nearly a decade photographing the latino community´s fiestas
por gabriela olmos
Since high school, Ron Nicholl’s closest partner had been his camera. He carried it everywhere, and printed his shots in the small dark room his parents installed at the back of his house. It could produce black and white prints, “but mostly it was gray and white,” says Ron recalling the magic of analog photography.
Born in Washington state, Ron set foot in Alaska for the first time in 1954, before Alaska became a state. Ron was then eleven years old and came to work on his uncle’s farm in Wasilla. At the end of every vacation, he wanted to stay in Alaska, but his uncle was firm, “You should go back to your father.” Later, upon finishing his undergraduate studies, Ron opted for a military degree. He joined the Coast Guard and was stationed at Ketchikan, in the southeastern part of the state. There he worked as a ship officer. Ron remembers that whenever they set sail he made sure to carry his raincoat and a camera.
After completing a graduate degree, Ron worked as an Operations Manager for a company that manufactured machinery in Washington. “I took a lot of photos of the machinery, but it was not my job. Photography was secondary.” Seventeen years ago, after going through a divorce, he asked himself what he really wanted to do. He realized that what he most wanted was to travel north to live in Alaska. So he looked for a job in the state and soon started working as a project manager for a company based in Anchorage.
For this job he travelled frequently to rural Alaska, and especially to Barrow, the state’s northernmost village. In Barrow, workers usually stayed in a radar station built in the mid-twentieth century. They supported logistics for oil explorations for the UIC (Ukpeagvik Iñupiat Corporation), the Barrow’s native corporation. During the winter they walked onto the tundra at temperatures that reached -20 degrees Fahrenheit. “All explorations are done in the winter. Otherwise you would damage the tundra in the summer. It is very fragile.”
In those days Ron photographed the Arctic landscapes, including polar bears that smelled the food in their camps and approached. Ron says that in Barrow there is a sign posted for tourists saying “the top of the world.” But, in his words, “it is another world.” Eight years ago, after many adventures in which he was always accompanied by his camera, Ron retired from the construction industry. Since then he has been completely dedicated to photography. On his first summer as a retiree, he visited eight native villages photographing schools, clinics and warehouses. He traveled to places as remote as Deadhorse, in the North Slope; Scammon Bay, in east Alaska; and Savoonga, on the island of St. Lawrence, in the Bering Strait. “Every trip was an adventure.”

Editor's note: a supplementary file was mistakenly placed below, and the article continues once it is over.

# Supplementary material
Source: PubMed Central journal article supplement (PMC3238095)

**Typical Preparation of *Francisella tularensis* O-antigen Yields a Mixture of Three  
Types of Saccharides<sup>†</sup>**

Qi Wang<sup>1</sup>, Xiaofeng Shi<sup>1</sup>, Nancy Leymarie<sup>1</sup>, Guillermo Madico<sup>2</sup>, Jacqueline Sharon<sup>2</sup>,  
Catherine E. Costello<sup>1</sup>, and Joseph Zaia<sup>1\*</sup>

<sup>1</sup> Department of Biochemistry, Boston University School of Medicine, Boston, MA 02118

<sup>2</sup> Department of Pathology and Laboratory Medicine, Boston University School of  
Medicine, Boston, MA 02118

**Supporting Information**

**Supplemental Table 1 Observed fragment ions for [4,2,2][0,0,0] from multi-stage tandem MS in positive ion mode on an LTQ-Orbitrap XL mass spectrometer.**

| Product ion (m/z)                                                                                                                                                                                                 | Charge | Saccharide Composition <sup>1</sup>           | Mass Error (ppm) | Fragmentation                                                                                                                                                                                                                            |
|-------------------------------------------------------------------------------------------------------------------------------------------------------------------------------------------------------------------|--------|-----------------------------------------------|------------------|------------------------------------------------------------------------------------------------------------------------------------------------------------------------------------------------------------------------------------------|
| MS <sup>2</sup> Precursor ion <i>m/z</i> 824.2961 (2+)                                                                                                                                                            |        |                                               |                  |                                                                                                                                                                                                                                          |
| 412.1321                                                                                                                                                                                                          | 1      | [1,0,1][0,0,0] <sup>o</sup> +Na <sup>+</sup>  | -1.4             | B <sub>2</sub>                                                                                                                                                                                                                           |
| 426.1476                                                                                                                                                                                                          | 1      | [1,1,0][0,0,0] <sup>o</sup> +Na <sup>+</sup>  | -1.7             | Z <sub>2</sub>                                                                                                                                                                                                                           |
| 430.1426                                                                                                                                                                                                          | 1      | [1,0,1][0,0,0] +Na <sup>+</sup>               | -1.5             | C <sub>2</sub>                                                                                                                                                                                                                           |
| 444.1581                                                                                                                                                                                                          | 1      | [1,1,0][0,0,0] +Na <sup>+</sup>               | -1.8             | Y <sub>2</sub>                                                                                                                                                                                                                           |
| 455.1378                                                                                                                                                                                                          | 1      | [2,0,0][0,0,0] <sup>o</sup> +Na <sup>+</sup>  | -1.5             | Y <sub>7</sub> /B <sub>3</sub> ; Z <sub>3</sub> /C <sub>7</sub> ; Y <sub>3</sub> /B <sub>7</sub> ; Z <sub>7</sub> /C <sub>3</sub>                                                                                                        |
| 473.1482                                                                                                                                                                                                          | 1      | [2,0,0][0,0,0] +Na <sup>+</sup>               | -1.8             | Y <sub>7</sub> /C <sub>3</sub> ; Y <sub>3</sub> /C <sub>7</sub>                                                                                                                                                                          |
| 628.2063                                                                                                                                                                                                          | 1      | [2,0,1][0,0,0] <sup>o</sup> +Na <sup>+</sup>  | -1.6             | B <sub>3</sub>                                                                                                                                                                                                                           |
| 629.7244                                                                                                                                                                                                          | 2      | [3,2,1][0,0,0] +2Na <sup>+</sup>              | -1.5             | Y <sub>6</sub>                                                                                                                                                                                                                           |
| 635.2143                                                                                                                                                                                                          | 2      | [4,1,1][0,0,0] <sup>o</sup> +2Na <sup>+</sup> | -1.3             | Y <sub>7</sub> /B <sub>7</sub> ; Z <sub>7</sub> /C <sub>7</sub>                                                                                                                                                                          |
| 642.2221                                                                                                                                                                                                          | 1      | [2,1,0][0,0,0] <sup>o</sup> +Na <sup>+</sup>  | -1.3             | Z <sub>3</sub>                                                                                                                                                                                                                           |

But Anchorage’s Hispanic community does not remember Ron for his photos of polar bears or ice landscapes, but for his festive images of Latino folk dances. For almost a decade, Ron has captured through his lens the vibrant vitality of our fiestas. The Latino community “has helped me improve my photography. They probably do not realize how much they have helped me by the expressions of their dance and their culture, and me trying to capture them.”
His link with the Latino community started through Our Lady of Guadalupe Parish. A devoted catholic, Ron has been involved in the church that serves one of the largest Latino communities in Anchorage. Ron has shown his gratitude to our community by supporting the causes of Hispanic parishioners, such as Spanish Masses.
He remembers that “one of those times the choir was all dressed in Mexican costumes, but I was very reserved about going in front and taking a picture,” says Ron. He adds that he greatly enjoys the aesthetics of Aztec dance, and that is why he always wanted to photograph it. “Little by little, photography integrated me into the Latino community.” Now whenever he hears the drums of the dance, he runs for his camera.
His photos of colorful dresses waving in the dance are well known. The dances fascinated Ron since the first time he saw them at Our Lady of Guadalupe’s Lunney Center. But he says that he achieved his best shots at the Fiesta Under the Midnight Sun, the summer festival organized in Cuddy Park by Sol de Medianoche and Latinos en Alaska.
Ron’s Spanish improved after a recent travel to Mexico. However, he remembers with joy his first approaches to the Latino community, when at the entrance of Mass he greeted Hispanic parishioners with a warm “good morning,” wondering what would happen if suddenly someone answered him in Spanish. Very soon he stopped worrying. Ron admires the Latino hospitality, and he was sure that any problem would be solved.
Later, when he served on the church’s financial committee, he gave a full report in Spanish. He wrote it carefully, and Patricia Gould, then Our Lady of Guadalupe’s Director of Hispanic Ministry, corrected it. When he finished reading the document, the expected thing happened, everyone addressed him in Spanish. Ron had to explain that, although he understood quite a bit, he could not hold a conversation in our tongue. But he felt a great admiration for the language of Hispanics.
Perhaps because of his willingness to participate in our world and the passion with which he photographs our fiestas, Patricia Gould said that “Ron has a Latino heart.” His images give colorful testimony to it.
Sol de Medianoche thanks Ron Nicholl for allowing us to publish his photographs when we speak about the strength of our traditions.
Photos courtesy: Ron NIcholl
PROUDLY POWERED BY SOL DE MEDIANOCHE CO. Sol de Medianoche is a bimonthly publication of the Latino community in Anchorage, Alaska